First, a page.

yesterday, the resources pieced together, thanks to the efforts of several dedicated researchers over the past decades. Those resources were thankfully posted online so many more could benefit. Just as those records were found, there are others tucked away, here and there on the Internet, which will also come into play in this search for First Families of Ohio evidence.
One heartening discovery brings me tantalizingly closer to that First Families documentation goal—close, I say, because it’s not quite early enough to help.
The resource is a transcription of early baptismal records from Saint Joseph Church, the first Catholic Church in Ohio. How fitting it would be to have found a First Families of Ohio document from those early records of the first Catholic Church in the state!
Poetic as it may seem, it is not to be (my apologies for the spoiler). But, as I said, it brings me closer to the head of the trail.
Still, I am so thankful for the mission of the group that calls itself the Catholic Record Society of the Diocese of Columbus. Since 1974, this Ohio group has been diligently compiling, preserving and publishing “any materials pertaining to events, persons, organizations, and places in Ohio historically associated with the Diocese of Columbus.” They see their calling as “to make known the works of the Church by bringing into better light the heroism of the missionaries, nuns, and the lay people who laid the foundation of today's Diocese.”
How can a statement like this one not resonate with anyone passionate about uncovering the stories concerning their early family history in the early years of Ohio statehood:
Comments such as these remind me that, while I’m pursuing an arbitrarily early date written on a lineage society’s website, the concept of what life was actually like in 1820 for these ancestors I’m recording is something to contemplate.The accomplishments of these early pioneers, despite tremendous hardships, is an inspiring and encouraging story….
The inspiration behind the forming of the Catholic Record Society was their Monsignor Herman E. Mattingly. If you took a look through the burial records I mentioned yesterday, you’ve become yet another recipient of this benefactor who gave through his efforts to collect and preserve now-historic records and to organize diocese archives.
Looking specifically at those early baptismal records I mentioned above, it doesn’t take long for me to discover several mentions of Joseph Flowers and Elizabeth Ambrose. The couple was listed as sponsors for Peter, the son of Levi and Ann Lilly Burgoon. The entry was made at the beginning of the year of 1823, though no notation was made for the day or month of the baptism.
Again in 1824, Joseph and Elizabeth were named as sponsors, this time for Mary Ann, the six month old daughter of John and Prudentia Armstrong.
The year 1832 brought other mentions, with Joseph and Elizabeth standing as sponsors for the September ninth baptism of “William Thomas,” who may well have been their own grandson—if preliminary indications I have for William’s father John as son of Joseph and Elizabeth prove to be correct. If that is indeed the case, William’s mother, listed in this record as “Anna Edington” is one and the same with the Ann Essington listed in other documents.
That same year uncovers some other missing pieces for me in the Flowers genealogy, as Joseph and Elizabeth are represented as sponsors for another baptism—this one on May 8—for Elizabeth, daughter of Francis Clark and “Rabeca” Flowers. Remember how I’ve mentioned that everyone in Perry County is related? That mantra certainly plays out in my database, where I do have a Rebecca Flowers listed—without any parents or origin other than the fact that she was born in Ohio in 1813. The reason I have her listed? Simple: our Perry County families are also related to the Clarks. Though I’ve yet to figure out the connection, the name Rebecca does repeat itself in some branches of the Flowers genealogy; perhaps Joseph Flowers was an uncle.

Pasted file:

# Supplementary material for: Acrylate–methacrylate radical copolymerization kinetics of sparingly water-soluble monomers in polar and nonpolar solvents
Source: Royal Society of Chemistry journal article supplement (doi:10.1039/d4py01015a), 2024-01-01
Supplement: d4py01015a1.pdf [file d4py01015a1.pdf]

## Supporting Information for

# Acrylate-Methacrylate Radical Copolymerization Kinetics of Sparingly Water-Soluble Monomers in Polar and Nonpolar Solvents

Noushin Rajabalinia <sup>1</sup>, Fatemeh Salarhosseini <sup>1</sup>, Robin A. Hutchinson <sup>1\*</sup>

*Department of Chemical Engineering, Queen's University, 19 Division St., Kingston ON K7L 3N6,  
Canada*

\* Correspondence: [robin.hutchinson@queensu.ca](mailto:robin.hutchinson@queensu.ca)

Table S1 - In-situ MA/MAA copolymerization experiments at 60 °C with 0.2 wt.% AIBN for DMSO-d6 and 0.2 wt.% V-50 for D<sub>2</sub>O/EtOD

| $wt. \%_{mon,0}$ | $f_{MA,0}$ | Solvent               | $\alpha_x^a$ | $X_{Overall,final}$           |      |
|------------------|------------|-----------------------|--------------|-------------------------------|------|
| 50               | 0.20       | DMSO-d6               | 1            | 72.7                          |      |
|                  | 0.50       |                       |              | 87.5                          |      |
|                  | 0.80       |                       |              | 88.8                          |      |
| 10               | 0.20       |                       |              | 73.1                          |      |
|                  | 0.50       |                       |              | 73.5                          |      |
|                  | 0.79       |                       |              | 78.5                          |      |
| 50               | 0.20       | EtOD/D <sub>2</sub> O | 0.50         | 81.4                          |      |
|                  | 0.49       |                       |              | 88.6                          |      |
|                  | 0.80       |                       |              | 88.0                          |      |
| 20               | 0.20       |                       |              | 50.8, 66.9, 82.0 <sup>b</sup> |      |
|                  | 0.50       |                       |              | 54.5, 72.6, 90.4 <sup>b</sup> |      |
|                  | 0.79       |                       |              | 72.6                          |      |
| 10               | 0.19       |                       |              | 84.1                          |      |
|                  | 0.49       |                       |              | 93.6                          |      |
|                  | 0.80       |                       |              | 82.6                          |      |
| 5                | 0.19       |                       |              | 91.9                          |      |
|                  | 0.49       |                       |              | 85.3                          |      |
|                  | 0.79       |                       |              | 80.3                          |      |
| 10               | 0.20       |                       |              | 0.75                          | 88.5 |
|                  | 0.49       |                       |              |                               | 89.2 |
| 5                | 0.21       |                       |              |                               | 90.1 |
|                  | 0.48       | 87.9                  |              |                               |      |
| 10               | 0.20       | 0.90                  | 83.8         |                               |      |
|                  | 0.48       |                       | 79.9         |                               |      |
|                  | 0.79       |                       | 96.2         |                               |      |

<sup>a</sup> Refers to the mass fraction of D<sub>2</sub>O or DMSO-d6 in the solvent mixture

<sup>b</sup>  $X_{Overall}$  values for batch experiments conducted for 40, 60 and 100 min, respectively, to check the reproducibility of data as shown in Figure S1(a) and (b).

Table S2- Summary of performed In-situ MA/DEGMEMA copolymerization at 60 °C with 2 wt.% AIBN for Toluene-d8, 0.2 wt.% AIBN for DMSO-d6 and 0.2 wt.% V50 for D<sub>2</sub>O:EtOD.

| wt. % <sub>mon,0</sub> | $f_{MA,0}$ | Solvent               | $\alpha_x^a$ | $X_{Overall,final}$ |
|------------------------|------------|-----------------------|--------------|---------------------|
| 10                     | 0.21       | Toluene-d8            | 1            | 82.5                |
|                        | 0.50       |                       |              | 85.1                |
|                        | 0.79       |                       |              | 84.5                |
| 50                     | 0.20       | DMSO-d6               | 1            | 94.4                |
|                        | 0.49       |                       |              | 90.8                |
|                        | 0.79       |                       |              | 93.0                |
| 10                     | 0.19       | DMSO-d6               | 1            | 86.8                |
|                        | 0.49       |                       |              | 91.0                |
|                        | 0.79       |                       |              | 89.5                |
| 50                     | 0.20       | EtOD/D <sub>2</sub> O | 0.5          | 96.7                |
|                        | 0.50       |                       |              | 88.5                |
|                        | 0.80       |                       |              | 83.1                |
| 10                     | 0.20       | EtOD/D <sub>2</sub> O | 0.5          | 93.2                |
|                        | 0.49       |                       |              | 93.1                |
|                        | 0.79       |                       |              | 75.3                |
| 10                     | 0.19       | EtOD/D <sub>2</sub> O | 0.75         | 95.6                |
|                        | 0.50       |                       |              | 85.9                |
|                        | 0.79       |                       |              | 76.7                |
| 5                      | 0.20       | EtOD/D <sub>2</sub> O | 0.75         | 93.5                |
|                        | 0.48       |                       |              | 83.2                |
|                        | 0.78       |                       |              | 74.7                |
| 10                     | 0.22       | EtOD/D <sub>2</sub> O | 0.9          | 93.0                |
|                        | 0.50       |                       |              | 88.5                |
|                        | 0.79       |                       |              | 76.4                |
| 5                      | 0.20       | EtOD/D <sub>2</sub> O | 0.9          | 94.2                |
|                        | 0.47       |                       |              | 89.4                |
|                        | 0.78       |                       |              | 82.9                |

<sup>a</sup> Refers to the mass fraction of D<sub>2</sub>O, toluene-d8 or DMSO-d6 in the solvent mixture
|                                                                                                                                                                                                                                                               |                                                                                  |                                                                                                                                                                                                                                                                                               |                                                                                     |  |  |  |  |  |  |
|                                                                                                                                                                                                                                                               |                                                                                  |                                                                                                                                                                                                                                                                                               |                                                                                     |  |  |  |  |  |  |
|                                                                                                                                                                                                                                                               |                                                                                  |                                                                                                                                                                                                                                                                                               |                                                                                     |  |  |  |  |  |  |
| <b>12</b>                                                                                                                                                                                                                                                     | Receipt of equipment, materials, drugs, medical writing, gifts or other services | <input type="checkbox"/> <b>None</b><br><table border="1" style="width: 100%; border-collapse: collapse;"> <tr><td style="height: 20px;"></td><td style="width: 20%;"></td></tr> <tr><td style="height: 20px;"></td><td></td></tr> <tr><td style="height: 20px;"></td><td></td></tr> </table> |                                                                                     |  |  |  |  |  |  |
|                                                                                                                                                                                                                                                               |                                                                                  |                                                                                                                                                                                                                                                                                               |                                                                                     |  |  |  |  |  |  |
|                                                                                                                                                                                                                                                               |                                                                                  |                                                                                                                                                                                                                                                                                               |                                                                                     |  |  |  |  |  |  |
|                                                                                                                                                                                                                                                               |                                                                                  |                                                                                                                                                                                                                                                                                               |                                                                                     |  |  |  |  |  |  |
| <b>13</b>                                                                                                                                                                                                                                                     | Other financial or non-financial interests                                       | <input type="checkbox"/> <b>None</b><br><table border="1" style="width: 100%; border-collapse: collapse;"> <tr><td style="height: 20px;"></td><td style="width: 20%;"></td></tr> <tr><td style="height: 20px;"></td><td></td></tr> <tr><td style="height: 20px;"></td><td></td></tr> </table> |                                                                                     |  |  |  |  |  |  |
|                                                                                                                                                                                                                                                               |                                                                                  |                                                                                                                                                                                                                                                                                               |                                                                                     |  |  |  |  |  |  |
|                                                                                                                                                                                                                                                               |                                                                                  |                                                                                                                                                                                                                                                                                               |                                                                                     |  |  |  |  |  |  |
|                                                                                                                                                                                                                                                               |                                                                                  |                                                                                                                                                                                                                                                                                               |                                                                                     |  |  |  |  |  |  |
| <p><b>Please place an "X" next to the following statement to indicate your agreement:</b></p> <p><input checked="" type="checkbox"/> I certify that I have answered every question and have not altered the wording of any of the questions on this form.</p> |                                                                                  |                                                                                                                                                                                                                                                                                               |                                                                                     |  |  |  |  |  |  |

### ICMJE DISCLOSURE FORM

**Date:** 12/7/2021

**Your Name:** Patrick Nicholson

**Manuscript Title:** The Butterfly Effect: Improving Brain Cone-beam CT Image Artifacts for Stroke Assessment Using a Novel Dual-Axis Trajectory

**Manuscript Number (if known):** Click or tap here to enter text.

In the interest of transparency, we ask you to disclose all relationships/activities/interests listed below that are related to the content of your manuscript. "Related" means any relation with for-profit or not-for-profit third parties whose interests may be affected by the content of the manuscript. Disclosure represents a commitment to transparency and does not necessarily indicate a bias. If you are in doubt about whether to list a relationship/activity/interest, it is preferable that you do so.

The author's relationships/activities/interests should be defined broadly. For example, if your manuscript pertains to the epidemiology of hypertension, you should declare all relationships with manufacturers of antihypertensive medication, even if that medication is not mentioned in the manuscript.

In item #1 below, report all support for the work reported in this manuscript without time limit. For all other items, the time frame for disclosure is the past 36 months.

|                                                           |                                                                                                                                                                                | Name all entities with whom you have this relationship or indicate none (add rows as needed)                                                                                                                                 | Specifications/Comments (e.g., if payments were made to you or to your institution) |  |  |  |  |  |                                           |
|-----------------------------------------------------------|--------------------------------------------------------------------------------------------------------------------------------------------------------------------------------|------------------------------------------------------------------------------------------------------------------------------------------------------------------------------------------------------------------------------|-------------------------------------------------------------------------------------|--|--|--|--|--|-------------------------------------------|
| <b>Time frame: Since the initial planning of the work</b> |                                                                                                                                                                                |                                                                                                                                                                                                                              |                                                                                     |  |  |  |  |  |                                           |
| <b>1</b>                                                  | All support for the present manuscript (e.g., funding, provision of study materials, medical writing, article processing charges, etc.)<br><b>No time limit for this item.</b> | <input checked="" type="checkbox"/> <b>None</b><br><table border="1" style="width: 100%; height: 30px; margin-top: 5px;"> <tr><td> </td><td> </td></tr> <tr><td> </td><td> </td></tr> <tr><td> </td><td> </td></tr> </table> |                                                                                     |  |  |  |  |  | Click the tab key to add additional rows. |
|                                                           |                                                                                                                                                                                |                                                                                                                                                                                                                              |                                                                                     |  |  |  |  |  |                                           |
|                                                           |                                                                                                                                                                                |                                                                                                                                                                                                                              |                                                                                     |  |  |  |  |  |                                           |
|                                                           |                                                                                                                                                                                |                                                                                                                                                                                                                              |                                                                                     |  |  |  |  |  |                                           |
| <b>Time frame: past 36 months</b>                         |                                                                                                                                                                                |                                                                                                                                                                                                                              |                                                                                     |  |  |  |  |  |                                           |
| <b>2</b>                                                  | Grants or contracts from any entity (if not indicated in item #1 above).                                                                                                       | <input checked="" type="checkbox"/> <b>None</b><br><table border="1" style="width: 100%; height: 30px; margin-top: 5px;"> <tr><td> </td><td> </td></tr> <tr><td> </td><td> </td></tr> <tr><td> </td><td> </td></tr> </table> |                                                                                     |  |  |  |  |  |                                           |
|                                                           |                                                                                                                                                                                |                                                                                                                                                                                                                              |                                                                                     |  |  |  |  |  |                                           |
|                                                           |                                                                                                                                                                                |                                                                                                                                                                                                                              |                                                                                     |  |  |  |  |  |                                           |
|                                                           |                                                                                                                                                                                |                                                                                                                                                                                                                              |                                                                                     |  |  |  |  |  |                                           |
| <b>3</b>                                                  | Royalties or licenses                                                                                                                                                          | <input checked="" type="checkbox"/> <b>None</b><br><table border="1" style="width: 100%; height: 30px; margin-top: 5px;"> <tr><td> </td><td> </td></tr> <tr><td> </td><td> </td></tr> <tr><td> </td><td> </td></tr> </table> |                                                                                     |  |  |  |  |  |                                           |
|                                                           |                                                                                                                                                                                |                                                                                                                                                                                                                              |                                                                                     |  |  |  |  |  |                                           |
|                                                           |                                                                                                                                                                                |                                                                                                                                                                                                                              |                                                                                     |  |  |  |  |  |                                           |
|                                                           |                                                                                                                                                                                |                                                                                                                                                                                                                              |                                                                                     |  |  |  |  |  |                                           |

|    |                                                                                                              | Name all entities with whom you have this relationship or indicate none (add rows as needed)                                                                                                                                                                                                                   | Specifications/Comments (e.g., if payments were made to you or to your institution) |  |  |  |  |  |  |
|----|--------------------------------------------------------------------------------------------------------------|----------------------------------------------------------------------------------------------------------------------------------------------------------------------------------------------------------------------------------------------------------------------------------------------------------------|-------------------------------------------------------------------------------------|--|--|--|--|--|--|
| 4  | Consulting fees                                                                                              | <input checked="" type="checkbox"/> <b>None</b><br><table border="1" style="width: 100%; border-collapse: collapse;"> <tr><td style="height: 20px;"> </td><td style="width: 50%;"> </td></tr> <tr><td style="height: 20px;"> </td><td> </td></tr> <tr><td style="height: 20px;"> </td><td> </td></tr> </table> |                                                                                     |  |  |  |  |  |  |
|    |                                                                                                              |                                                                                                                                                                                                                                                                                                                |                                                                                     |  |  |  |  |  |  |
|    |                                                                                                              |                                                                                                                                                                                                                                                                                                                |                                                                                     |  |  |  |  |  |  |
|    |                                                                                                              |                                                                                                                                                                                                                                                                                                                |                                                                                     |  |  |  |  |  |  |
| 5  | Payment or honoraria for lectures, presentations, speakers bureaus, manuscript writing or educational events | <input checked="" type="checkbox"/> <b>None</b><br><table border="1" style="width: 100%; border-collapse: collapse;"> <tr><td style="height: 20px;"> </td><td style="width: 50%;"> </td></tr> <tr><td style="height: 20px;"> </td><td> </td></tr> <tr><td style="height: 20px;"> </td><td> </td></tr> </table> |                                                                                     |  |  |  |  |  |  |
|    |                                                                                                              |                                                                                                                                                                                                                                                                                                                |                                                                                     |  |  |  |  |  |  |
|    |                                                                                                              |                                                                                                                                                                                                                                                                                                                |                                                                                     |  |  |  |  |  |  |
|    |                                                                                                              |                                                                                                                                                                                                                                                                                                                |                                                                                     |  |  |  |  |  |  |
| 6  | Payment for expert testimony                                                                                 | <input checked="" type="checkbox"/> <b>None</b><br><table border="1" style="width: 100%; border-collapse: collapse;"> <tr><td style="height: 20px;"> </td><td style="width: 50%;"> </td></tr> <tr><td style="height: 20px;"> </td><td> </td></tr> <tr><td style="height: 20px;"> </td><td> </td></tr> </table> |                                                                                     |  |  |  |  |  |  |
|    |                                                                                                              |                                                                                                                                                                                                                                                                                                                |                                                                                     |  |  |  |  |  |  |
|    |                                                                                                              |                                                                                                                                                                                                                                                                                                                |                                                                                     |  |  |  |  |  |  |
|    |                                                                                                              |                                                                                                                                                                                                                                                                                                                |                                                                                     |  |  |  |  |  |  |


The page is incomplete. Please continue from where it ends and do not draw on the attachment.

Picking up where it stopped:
But the two most tantalizing dates in this whole listing are posted—currently, at least—under the heading, “1819.” Both of the children being baptized are named George. One is listed as the son of “Henry and Susannah” and was baptized on June 20; “Henry” would refer to Joseph’s brother John Henry, and Susannah was Elizabeth’s sister—the couple I had mentioned yesterday. The other baptism occurred on May 31, and differentiated this baby George with the middle initial, “A.” This George A. Flowers was noted to be “of Joseph and Catherine.”
There are two problems with this listing—you will see here why I call this entry “tantalizing.” It is so close, yet so far away. First, if you’ve been following all the details about our Flowers family, our Joseph was married to Elizabeth, not Catherine. Whether this was an error on the part of the priest recording—or perhaps even transcribing—the record, or whether there was another Joseph residing in this remote area in those pioneer years, I can’t yet tell. Even if this issue were to be satisfactorily resolved, though, another problem crops up when you realize the footnote that’s been added to both this entry and the one for the other baby George:
Hopes dashed? Once again, missing that 1820 required date?These two entries are on a different page and could be as late as 1824.
Nah. If you know me, I’ll keep looking. Joseph and Elizabeth Flowers were obviously in the neighborhood long enough to make me consider the likelihood that their arrival could have been early enough to satisfy the First Families requirement. This is too close a possibility to just quit now.